BACK TO the African American history of Western New York
Amy Kirby was born in Jericho, New York on December 20, 1802. Her parents, Joseph Kirby and Mary Seaman Kirby, were farmers and she was one of eight children. The Kirby family belonged to the Society of Friends (Quakers).
When Amy Kirby was in her early 20s, she moved to Scipio, New York to live with her sister, Hannah Kirby Post, and brother-in-law, Isaac Post. Hannah died in 1827, and Amy Kirby married Isaac Post in 1828. In addition to the two children Isaac Post had with his previous wife Hannah, Isaac and Amy (Post) has four children of their own: Jacob, Joseph, Matilda, and Willet. Only four of the children live to be adults (Mary - the daughter of Isaac and Hannah, Jacob, Joseph, and Willet).
In 1836, the Posts moved from Scipio to Rochester, New York, to a house at 36 Sophia Street (now North Plymouth Avenue). That same year, Post's younger sister Sarah also moved to Rochester. A few years later, in 1839, Isaac Post started a drugstore -- named Post, Coleman and Willis -- in the Smith Arcade, at 4 Exchange Street in Rochester.
Amy Post became active in the anti-slavery movement in Rochester soon after she arrived in the city. She signed a petition against slavery in 1837, and her home, a busy station on the Underground Railroad, sometimes housed between ten and twenty fugitive slaves per night. A host of anti-slavery lecturers also stayed with her when they came to Rochester to speak. These guests included William Lloyd Garrison, William C. Nell, Abby Kelley, and Frederick Douglass.
Post helped to found the Western New York Anti-Slavery Society (WNYASS) in 1842, and throughout the 1840s was active in organizing and holding a series of anti-slavery fairs in order to raise money and sympathy for the cause. In 1844, she was selected to be the WNYASS delegate to the annual meeting of the American Anti-Slavery Society in New York City and in 1852, when the Society held its annual meeting in Rochester, she served on the business committee. In 1853, with Lucy Coleman, she attended a Western Anti-Slavery Society meeting and went to Canada to visit fugitive slave communities.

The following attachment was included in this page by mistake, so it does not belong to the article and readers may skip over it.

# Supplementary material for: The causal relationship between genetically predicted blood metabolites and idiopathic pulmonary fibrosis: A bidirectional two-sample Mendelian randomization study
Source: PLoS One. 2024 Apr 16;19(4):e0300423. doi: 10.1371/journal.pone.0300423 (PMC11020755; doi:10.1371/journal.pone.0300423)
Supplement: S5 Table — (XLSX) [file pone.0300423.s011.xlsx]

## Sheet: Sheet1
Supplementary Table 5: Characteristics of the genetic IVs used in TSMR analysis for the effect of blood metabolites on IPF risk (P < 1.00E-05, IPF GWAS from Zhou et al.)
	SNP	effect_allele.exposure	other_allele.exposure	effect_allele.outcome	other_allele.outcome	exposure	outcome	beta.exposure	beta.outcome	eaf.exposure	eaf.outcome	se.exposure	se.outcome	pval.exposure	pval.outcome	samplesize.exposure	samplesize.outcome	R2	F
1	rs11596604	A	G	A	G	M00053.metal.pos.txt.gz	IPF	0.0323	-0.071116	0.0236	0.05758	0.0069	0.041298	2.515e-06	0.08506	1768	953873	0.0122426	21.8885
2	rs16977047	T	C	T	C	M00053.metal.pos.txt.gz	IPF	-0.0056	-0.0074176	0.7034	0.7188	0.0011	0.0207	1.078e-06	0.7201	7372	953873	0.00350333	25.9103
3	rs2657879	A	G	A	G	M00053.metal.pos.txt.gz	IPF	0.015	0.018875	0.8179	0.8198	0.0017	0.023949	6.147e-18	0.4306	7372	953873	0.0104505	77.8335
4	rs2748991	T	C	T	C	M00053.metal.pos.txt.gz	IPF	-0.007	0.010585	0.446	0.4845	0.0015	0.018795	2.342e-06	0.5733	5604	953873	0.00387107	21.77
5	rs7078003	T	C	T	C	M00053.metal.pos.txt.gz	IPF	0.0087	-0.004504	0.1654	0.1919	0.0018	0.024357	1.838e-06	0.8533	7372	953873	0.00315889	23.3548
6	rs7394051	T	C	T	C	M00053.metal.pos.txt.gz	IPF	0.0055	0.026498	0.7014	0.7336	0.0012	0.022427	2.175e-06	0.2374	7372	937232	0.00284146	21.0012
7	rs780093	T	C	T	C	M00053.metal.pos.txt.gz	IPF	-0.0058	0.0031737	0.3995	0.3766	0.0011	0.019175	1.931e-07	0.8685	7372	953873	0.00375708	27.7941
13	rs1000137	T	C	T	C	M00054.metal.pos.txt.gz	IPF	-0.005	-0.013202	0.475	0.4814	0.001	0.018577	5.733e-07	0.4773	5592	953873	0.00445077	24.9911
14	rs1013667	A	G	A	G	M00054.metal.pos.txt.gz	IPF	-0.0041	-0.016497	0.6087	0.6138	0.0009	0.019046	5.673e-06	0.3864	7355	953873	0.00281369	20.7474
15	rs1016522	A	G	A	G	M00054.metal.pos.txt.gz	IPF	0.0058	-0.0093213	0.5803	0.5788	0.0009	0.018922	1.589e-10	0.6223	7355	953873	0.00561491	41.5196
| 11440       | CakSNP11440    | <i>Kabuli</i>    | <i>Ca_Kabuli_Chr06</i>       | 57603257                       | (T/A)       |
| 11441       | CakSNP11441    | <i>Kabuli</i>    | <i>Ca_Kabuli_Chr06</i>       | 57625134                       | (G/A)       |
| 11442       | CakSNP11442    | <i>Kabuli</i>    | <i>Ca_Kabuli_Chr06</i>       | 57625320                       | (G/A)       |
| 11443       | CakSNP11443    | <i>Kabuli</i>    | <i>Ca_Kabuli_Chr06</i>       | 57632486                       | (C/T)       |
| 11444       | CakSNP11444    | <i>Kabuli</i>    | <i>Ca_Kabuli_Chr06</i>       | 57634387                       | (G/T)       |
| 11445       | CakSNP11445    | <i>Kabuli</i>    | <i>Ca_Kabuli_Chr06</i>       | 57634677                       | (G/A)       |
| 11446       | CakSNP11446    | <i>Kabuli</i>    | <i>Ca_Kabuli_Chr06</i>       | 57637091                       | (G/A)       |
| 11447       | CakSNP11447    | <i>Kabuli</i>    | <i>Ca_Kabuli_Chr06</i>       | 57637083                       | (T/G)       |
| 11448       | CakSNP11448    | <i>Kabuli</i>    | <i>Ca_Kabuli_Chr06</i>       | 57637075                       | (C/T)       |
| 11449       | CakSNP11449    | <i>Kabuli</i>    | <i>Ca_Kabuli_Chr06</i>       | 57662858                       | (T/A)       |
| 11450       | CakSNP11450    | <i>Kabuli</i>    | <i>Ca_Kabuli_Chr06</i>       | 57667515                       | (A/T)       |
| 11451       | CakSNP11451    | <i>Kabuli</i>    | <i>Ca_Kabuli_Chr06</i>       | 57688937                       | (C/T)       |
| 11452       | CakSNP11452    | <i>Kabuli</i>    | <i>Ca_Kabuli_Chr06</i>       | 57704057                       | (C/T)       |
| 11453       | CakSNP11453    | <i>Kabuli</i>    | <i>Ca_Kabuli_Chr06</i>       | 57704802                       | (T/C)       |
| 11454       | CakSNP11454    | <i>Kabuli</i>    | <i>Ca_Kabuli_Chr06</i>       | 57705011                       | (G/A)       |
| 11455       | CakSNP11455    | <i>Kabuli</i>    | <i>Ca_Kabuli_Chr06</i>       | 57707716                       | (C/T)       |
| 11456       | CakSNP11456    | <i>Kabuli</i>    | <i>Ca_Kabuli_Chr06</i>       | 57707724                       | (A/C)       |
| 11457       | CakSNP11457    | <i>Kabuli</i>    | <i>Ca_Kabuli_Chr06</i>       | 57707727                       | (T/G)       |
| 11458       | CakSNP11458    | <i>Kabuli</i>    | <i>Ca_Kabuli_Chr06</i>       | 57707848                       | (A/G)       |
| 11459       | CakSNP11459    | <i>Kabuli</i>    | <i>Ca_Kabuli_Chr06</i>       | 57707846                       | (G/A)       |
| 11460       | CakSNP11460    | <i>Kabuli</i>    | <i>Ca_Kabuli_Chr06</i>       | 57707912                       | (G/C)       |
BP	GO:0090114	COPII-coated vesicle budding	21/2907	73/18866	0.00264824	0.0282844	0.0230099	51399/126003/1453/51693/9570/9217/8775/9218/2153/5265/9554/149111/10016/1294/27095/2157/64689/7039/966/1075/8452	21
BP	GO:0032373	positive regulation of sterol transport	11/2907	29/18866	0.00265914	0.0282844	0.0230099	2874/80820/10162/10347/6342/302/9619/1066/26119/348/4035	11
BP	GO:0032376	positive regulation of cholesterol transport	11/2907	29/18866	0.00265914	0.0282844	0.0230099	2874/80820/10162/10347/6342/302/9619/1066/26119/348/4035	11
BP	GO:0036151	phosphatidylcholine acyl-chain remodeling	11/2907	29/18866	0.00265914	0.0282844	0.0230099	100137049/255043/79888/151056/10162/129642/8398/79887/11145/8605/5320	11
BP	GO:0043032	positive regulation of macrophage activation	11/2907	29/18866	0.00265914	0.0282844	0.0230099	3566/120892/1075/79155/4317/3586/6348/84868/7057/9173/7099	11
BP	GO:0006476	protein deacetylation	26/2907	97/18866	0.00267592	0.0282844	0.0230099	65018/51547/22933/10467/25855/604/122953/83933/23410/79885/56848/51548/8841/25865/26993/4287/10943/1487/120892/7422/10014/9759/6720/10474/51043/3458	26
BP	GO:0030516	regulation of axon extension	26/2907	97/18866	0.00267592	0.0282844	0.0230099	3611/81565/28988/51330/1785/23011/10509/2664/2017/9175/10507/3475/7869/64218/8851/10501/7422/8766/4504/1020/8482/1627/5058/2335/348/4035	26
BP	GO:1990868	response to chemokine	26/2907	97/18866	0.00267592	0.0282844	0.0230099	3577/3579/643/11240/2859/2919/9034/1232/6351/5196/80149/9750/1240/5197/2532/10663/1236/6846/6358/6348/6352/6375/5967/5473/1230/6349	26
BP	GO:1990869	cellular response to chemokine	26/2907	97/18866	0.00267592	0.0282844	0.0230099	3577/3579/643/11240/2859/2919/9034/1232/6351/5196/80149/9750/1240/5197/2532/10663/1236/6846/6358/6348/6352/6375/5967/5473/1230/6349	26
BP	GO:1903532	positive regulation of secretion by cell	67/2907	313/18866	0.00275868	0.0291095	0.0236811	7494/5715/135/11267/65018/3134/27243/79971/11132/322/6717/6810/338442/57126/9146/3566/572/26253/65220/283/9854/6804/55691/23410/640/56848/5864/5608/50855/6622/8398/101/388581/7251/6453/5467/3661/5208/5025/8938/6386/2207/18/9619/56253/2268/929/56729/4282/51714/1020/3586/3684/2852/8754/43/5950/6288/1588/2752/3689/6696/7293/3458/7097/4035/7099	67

In 1845, Post stopped attending the Rochester Monthly Meeting of the Society of Friends and left Genesee Yearly Meeting (Quakers). She left the Quakers because she disagreed that the Society's ministers and elders had the right to judge the actions that individual members took in matters of conscience, such as abolitionism, the belief that there should be no slavery. (Although Quakers thought slavery was sinful, many ministers and elders disapproved of the methods used by radical anti-slavery reformers and looked in disfavor upon their own members who agreed with these methods.)
Because of her work in the anti-slavery movement, Post developed friendships and shared correspondence with many famous anti-slavery advocates. One such friendship was with Harriet Jacobs, an escaped slave. Jacobs stayed with the Posts for almost a year while she was in Rochester, and Post encouraged her to write her autobiography. Jacobs published Incidents in the Life of a Slave Girl in 1861. Lydia Maria Child wrote its introduction, and Post, under an assumed named (alias or pseudonym), wrote the postscript.
During the Civil War, Post tapped into her vast regional anti-slavery network in order to collect goods including food, clothing and medical supplies for the newly freed slaves. She ensured that these were distributed by working with the agent for the Rochester Ladies' Anti-Slavery Society (LASS) in Virginia.
In 1884 she published The Underground Railroad in Rochester
references: [Winning the Vote],